Both are very interesting fields and can lead in many directions.

News for Today:

Women with severe PMS perceive their sleep quality to be poor
Journal SLEEP: disturbed sleep linked to poorer daytime function in older women
Lower metabolism, eating behavior possibly explain the cause of overweight in narcolepsy
Initial reaction to nicotine can dictate addiction
Treating sleep apnea reduces heart attack, stroke risk: study
Cough, cold medicines not for young children: U.S. health officials
Occupational therapy is an effective way of improving the daily life of stroke patients
Only half of hypertensive California adults take blood pressure-lowering drugs
High blood pressure may be due to excess weight in half of overweight adults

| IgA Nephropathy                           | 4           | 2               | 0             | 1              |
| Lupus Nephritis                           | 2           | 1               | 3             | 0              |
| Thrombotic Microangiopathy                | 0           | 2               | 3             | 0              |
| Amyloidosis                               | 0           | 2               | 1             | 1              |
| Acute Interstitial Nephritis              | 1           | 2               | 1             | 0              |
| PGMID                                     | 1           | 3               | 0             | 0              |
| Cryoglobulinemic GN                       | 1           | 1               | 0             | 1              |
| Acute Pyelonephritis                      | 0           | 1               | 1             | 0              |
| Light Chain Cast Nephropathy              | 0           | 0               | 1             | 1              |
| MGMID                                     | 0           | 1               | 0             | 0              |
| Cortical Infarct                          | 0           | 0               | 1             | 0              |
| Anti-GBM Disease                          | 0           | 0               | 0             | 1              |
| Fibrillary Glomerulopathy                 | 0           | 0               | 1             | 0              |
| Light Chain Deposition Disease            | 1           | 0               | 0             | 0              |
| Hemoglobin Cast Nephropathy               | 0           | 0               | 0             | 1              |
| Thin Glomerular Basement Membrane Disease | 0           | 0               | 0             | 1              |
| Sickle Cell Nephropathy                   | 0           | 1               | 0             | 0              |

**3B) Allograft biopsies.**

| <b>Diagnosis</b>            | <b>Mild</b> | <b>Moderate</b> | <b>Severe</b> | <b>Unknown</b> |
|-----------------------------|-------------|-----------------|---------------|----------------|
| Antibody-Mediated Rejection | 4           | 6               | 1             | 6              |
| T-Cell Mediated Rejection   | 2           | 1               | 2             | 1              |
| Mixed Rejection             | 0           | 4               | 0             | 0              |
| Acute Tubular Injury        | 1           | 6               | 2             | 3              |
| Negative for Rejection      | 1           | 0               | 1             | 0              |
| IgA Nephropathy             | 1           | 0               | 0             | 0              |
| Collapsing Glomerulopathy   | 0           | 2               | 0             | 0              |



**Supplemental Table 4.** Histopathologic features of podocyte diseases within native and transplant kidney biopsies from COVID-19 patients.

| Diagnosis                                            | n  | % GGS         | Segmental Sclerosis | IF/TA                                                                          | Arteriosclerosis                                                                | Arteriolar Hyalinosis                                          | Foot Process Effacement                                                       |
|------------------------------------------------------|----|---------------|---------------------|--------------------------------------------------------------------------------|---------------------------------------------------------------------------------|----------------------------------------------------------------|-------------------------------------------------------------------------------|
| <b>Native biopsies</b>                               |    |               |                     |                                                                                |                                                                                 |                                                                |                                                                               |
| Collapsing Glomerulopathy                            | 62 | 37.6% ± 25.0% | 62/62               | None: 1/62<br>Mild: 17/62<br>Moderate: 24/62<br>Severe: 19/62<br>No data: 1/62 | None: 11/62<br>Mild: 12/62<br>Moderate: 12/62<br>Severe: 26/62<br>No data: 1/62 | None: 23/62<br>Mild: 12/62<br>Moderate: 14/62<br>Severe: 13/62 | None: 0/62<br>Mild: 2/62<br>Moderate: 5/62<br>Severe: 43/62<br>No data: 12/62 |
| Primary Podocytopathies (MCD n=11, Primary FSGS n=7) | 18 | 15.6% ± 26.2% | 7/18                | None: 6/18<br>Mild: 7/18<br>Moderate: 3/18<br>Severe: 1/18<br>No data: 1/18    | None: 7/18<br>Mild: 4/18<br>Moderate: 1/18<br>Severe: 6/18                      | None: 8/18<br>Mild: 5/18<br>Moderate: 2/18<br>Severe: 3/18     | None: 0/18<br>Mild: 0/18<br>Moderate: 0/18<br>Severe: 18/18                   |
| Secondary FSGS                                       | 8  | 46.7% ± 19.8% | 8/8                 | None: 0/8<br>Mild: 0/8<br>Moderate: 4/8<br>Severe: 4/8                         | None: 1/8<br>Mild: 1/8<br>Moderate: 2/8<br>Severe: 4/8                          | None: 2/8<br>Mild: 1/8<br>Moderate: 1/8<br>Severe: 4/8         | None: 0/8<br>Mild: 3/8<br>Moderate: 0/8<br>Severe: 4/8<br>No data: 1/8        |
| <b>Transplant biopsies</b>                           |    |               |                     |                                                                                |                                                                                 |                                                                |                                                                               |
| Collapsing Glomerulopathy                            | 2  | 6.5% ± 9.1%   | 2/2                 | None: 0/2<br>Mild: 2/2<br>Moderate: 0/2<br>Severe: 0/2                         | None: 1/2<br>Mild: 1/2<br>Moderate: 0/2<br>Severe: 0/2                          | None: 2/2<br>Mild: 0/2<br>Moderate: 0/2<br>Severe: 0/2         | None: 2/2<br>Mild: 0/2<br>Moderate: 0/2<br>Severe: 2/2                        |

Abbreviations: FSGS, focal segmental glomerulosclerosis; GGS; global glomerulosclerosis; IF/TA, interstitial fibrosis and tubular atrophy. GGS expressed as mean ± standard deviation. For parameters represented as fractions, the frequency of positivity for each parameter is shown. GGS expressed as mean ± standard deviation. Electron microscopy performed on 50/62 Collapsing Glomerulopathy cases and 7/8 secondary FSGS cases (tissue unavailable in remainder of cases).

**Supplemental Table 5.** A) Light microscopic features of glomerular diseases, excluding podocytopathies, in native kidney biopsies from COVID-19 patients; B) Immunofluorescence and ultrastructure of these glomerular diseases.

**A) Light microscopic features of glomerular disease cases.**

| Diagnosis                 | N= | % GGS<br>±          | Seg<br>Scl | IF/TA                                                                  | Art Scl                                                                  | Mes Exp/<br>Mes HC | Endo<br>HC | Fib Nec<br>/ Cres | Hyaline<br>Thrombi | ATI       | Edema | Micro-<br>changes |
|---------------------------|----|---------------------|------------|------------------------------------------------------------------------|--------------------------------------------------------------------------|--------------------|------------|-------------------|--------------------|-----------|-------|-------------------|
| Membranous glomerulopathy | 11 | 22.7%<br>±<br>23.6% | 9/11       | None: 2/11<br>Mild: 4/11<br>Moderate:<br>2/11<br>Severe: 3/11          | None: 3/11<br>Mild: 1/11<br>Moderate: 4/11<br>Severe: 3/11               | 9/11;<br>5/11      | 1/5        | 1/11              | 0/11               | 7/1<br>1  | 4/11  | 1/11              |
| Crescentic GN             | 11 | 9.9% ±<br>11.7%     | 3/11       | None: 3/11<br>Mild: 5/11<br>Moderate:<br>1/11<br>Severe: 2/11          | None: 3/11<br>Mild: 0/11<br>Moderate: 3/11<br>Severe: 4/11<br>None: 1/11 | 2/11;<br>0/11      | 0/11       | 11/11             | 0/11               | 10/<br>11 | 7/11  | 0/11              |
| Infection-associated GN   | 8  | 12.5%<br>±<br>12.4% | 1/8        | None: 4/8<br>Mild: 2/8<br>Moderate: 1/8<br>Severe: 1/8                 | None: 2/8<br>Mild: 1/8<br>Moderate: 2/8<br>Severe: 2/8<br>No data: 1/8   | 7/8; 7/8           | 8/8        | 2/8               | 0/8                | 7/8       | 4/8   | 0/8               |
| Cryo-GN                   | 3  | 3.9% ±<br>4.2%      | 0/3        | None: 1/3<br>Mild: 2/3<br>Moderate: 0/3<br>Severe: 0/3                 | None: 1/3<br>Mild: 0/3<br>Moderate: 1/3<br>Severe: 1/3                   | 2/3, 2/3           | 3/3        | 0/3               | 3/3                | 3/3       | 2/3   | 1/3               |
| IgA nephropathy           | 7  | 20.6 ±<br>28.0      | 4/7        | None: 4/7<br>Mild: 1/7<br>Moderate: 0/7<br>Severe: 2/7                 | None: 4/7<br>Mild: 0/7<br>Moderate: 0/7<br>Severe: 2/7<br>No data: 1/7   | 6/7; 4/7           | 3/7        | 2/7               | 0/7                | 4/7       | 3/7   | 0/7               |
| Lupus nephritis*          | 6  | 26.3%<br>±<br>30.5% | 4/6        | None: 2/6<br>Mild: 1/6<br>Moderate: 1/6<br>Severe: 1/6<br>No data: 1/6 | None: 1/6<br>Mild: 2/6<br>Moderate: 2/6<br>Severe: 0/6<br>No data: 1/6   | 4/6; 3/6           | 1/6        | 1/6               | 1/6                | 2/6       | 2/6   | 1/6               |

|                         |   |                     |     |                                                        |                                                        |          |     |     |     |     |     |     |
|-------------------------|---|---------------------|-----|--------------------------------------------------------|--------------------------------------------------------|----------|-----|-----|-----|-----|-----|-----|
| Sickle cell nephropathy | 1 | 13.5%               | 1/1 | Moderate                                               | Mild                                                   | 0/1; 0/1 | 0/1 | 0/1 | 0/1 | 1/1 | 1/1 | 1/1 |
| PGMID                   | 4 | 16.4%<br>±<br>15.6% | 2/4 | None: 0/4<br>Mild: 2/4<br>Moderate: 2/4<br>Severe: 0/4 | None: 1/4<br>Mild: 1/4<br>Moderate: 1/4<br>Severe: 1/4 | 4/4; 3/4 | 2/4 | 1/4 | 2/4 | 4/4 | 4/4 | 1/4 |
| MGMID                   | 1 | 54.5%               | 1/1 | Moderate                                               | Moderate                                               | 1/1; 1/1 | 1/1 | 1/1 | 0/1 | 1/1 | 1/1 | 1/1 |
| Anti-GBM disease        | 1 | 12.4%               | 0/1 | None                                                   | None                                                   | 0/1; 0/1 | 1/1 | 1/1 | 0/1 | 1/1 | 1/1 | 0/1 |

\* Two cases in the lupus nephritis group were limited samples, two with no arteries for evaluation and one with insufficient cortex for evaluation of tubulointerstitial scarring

Sunday, September 30, 2007

Popping up on Google a lot

A quick Sunday morning post.

I've found that my blog is definitely picking up in hits. Although I have a few regular readers, I get lots of readers from Google hits. It's interesting to see what word string have brought people to my blog.

Using StatCounter, I can see where people come from and get an idea of how many hits per day I'm getting. I use the free version so I have to keep clearing my stats, but it's all I need for now. Anyway, sometimes, I'll go back and do a Google search for the ones I see on my stats page and I'm amazed at how high my blog is - almost always in the first page and then, at least half-way up, if not higher.

I hope that people who find their way here through these searches like what they see and get something out of it. I have fun writing the posts and do love getting emails and comments about my posts.

And that's it for an early Sunday morning. See you tomorrow.